Transnational Traditions: New Perspectives on American Jewish History, edited by Ava F. Kahn and Adam D. Mendelsohn. Detroit: Wayne State University Press, 2014. 309 pp.
Historians have not infrequently treated American Jews as a tabula rasa, a blank slate possessing few enduring Old World cultural legacies and economic ties. The reasons for this insular approach range from exceptionalism, the belief that the American Jewish experience is entirely (and positively) unique, to exaggerated fears of essentialism, as if positing any cultural carryovers by Jewish immigrants implies a belief in inherent or inveterate characteristics. This volume seeks to counteract such pitfalls by demonstrating how the study of American Jewry can be enriched by adopting more global and comparative frameworks.
Transitional Traditions effectively applies transnational models to Jewish economic and commercial life, showing how various international Jewish commercial networks aligned migration routes with the circulation of commodities. Such commodities could range from supplies for prospectors during both the Californian and Australian gold rushes to the expanding mid-nineteenth-century "market" for educated Anglophone Jewish preachers. The latter case is entertainingly limned in Adam Mendelsohn's study of the London-born Isaacs brothers, Samuel, David, and Jacob. Their combination of religious observance and English fluency proved alluring not just to communities in Britain but also to overseas colonies and former colonies bidding for the services of new-style "Jewish ministers" who specialized in eloquent sermonizing. By comparing the fortunes of Samuel in New York, David in Liverpool, and Jacob in Sydney, Mendelsohn shows how this new international market for ministers functioned. As he notes, because of the circulation of information within the English-speaking Jewish world, even Jews living in the Australian backwater now expected their synagogue functionaries to be models of eloquence and decorum.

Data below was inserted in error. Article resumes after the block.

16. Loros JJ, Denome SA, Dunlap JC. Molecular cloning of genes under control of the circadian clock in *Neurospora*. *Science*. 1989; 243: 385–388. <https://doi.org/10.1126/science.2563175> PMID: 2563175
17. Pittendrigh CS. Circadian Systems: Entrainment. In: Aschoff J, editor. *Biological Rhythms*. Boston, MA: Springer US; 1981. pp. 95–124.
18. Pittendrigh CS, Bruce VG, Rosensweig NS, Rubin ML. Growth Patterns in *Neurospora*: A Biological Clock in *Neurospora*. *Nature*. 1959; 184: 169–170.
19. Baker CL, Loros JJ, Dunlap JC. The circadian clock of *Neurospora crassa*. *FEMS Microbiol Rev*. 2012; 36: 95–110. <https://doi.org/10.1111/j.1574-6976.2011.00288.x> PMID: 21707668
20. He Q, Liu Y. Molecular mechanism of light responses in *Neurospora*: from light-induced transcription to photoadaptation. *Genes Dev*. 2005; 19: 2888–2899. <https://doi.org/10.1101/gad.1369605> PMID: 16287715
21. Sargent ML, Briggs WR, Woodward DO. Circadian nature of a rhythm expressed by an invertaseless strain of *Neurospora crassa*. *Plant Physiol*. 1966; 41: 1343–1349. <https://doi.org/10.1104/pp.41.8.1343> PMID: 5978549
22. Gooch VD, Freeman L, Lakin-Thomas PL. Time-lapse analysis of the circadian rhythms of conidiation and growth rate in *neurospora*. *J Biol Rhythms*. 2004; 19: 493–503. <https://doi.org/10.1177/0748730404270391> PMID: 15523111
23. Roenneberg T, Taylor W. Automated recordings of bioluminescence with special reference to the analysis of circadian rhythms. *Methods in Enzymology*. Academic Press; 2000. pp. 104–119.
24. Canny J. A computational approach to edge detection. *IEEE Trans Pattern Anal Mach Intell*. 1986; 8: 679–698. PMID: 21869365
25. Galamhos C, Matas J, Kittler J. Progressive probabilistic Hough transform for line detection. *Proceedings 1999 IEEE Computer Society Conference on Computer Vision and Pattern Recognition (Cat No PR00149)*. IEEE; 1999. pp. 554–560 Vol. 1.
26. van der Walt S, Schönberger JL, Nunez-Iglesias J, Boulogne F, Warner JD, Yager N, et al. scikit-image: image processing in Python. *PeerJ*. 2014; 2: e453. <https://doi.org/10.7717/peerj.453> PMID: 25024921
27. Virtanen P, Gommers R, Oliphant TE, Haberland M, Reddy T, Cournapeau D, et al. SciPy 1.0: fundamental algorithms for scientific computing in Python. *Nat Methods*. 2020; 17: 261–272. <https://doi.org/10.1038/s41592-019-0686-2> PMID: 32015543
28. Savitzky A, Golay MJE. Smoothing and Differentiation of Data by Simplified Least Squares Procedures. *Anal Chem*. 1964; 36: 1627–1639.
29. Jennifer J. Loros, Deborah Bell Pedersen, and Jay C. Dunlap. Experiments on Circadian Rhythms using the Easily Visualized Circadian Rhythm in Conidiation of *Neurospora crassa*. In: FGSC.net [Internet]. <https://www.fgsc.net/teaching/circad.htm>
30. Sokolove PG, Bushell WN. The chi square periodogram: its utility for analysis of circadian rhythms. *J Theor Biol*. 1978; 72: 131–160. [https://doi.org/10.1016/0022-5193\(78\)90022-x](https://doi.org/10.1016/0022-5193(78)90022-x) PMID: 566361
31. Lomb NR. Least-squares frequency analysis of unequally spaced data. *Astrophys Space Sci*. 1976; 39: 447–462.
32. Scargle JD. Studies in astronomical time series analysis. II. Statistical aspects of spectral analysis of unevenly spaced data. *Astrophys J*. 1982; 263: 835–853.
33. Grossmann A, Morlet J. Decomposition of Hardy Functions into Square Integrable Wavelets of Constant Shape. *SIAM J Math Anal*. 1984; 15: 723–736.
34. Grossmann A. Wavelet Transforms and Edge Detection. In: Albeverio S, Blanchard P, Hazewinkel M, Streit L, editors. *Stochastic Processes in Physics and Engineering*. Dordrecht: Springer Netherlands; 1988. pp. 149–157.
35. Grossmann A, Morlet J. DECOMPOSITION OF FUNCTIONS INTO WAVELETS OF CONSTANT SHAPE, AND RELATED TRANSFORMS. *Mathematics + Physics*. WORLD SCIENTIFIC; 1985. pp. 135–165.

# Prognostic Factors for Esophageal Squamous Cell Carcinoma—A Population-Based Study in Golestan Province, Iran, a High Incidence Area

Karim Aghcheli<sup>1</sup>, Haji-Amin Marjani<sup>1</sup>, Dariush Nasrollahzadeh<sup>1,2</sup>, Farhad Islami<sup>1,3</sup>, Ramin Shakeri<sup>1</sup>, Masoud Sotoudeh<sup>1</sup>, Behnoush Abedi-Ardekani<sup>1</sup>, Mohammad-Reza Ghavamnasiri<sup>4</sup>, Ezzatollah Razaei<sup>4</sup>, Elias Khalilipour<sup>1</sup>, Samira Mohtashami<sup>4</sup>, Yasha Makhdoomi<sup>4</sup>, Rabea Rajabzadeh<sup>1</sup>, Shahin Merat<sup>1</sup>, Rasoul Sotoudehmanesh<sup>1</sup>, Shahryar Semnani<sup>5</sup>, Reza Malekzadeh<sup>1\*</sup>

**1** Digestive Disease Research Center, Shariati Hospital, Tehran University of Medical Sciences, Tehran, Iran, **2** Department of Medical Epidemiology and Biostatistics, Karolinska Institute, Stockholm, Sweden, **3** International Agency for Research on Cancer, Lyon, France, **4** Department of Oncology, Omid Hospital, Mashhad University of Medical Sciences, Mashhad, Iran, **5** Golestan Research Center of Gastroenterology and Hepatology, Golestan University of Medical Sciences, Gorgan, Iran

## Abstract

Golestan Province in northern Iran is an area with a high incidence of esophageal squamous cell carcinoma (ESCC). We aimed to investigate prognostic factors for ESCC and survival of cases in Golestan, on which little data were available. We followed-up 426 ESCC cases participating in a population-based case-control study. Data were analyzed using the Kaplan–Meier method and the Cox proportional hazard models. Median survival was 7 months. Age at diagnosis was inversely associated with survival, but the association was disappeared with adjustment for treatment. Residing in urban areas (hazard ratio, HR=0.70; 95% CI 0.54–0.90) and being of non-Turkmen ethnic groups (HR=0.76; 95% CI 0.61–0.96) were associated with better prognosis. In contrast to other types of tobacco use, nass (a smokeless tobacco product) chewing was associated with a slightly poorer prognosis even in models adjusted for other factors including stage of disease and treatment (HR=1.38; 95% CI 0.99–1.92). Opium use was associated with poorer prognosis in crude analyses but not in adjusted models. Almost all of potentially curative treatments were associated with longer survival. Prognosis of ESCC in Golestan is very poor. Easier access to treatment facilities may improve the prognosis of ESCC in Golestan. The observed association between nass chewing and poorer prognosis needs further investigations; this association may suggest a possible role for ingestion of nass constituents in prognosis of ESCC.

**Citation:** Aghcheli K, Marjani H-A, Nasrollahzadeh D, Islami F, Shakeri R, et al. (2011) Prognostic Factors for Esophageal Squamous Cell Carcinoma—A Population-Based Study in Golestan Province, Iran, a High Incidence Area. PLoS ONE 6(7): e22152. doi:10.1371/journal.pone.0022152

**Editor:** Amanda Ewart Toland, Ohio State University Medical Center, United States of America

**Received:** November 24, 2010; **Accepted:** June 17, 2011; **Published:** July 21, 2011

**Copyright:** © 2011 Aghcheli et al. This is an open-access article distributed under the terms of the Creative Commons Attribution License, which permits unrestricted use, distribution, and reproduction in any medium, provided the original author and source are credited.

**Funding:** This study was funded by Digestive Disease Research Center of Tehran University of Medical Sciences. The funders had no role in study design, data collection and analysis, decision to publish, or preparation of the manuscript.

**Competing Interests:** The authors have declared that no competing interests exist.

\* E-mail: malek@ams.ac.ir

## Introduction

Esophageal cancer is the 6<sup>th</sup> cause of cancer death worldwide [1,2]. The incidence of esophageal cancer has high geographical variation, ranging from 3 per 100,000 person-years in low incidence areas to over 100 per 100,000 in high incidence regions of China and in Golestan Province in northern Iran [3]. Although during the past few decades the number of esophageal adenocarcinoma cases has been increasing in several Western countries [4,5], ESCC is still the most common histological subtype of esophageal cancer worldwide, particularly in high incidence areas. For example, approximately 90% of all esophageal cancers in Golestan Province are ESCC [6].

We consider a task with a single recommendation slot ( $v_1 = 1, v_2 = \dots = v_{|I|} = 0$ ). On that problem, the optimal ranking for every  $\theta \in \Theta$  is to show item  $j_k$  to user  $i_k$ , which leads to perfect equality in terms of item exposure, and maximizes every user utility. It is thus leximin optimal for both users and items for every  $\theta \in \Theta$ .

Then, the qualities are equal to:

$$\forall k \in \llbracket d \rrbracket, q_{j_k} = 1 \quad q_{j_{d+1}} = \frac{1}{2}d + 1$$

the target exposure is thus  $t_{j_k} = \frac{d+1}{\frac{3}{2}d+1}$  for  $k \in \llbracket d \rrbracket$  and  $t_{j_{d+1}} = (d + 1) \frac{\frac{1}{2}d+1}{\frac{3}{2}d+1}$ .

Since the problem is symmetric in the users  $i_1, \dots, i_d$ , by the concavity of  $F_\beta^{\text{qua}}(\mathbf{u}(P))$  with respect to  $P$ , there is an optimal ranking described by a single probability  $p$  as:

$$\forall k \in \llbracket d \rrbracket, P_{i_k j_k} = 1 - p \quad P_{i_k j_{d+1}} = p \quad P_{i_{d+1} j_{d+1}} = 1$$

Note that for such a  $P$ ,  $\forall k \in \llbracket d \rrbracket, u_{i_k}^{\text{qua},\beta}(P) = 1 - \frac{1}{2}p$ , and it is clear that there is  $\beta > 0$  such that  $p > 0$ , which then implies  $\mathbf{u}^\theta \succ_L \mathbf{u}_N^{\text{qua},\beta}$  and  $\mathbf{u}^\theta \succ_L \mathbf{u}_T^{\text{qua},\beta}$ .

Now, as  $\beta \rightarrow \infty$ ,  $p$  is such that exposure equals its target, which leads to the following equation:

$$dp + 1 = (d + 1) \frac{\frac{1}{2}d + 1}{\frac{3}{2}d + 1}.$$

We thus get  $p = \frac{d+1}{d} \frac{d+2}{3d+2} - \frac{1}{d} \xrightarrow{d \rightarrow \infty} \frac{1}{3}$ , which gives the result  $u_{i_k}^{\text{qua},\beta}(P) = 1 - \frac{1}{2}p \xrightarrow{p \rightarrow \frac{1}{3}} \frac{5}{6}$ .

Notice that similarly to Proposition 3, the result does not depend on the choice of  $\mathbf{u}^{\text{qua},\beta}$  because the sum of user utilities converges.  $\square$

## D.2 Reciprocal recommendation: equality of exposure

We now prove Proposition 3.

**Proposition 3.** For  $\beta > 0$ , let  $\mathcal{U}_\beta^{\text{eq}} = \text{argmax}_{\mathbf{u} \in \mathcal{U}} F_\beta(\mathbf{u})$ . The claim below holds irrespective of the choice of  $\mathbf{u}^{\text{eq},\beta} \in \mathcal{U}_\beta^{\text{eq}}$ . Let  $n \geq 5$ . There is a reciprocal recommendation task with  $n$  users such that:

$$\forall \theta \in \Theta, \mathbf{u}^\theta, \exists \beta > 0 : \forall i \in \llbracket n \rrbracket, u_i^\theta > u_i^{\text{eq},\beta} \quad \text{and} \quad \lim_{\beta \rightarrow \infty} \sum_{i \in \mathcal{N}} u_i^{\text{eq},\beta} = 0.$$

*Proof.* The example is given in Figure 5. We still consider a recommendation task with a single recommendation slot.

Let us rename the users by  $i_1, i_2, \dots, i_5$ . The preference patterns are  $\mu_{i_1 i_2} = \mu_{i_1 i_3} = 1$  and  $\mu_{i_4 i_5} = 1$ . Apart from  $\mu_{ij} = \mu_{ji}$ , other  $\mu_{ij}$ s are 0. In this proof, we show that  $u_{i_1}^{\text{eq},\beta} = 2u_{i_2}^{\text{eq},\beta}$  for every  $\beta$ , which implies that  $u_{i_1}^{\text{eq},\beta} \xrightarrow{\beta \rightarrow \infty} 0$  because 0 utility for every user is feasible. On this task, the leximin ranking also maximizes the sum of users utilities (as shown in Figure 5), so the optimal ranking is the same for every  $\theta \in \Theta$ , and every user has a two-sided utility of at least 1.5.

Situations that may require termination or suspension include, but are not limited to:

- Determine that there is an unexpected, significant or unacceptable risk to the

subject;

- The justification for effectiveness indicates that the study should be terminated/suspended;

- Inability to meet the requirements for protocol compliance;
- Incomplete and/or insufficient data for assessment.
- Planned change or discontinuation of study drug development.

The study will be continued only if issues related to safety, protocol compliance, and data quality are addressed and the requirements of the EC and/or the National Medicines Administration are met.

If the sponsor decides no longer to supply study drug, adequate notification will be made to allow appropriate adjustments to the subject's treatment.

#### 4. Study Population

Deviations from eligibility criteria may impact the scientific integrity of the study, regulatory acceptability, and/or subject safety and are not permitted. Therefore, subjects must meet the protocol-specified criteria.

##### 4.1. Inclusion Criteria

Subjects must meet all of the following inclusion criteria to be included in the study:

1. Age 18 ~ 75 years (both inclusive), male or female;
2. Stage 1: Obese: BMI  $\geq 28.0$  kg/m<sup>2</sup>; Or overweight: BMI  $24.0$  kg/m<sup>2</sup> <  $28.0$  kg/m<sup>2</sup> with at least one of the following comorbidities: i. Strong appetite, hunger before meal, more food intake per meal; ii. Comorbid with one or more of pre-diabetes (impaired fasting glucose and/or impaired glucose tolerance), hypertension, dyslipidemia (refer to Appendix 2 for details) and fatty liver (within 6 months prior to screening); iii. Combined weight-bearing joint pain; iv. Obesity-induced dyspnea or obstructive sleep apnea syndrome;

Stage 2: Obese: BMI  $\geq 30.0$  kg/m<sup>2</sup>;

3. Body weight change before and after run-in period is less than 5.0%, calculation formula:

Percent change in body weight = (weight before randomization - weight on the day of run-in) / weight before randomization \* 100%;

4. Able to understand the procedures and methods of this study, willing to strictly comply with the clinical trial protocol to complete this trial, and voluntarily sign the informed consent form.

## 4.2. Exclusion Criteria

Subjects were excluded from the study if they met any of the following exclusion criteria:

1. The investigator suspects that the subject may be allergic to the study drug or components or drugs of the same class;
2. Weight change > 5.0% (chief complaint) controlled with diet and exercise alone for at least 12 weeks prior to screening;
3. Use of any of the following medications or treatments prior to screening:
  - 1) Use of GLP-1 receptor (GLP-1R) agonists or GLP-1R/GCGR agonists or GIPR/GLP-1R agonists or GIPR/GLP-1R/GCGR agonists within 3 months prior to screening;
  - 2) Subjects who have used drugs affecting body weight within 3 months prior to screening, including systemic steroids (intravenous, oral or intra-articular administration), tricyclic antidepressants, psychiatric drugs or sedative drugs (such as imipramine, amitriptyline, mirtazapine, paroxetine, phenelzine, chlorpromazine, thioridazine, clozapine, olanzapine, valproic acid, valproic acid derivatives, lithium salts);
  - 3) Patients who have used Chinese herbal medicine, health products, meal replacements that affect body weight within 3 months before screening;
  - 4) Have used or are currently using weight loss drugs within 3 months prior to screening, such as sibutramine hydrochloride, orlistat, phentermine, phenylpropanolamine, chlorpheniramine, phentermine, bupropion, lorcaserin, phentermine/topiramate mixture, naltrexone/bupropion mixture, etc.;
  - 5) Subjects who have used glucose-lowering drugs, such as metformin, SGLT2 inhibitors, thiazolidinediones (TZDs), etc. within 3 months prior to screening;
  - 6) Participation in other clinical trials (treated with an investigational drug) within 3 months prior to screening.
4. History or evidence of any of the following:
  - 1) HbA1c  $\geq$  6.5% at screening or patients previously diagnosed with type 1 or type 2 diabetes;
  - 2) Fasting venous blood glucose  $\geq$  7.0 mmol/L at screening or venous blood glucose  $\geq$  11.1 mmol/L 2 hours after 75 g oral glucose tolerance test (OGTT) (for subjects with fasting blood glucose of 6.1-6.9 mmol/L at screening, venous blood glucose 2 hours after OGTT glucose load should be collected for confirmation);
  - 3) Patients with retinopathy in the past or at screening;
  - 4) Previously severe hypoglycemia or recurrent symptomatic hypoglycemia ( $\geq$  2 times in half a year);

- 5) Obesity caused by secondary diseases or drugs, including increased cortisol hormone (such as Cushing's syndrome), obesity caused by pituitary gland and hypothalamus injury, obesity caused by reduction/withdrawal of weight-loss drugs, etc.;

Chapters by Ava F. Kahn and Suzanne Rutland hone in on the nexus between Jewish migration, settlement and international commerce, here too focusing on the Anglophone world. Kahn contends that California Jewry was shaped as much by contacts with the Antipodes as by the impact of Jews migrating more directly from Central or Eastern Europe. Both Kahn and Rutland tell remarkable rags to riches (or, as the case may be, shackles to shekels) stories of Anglo-Jewish convicts...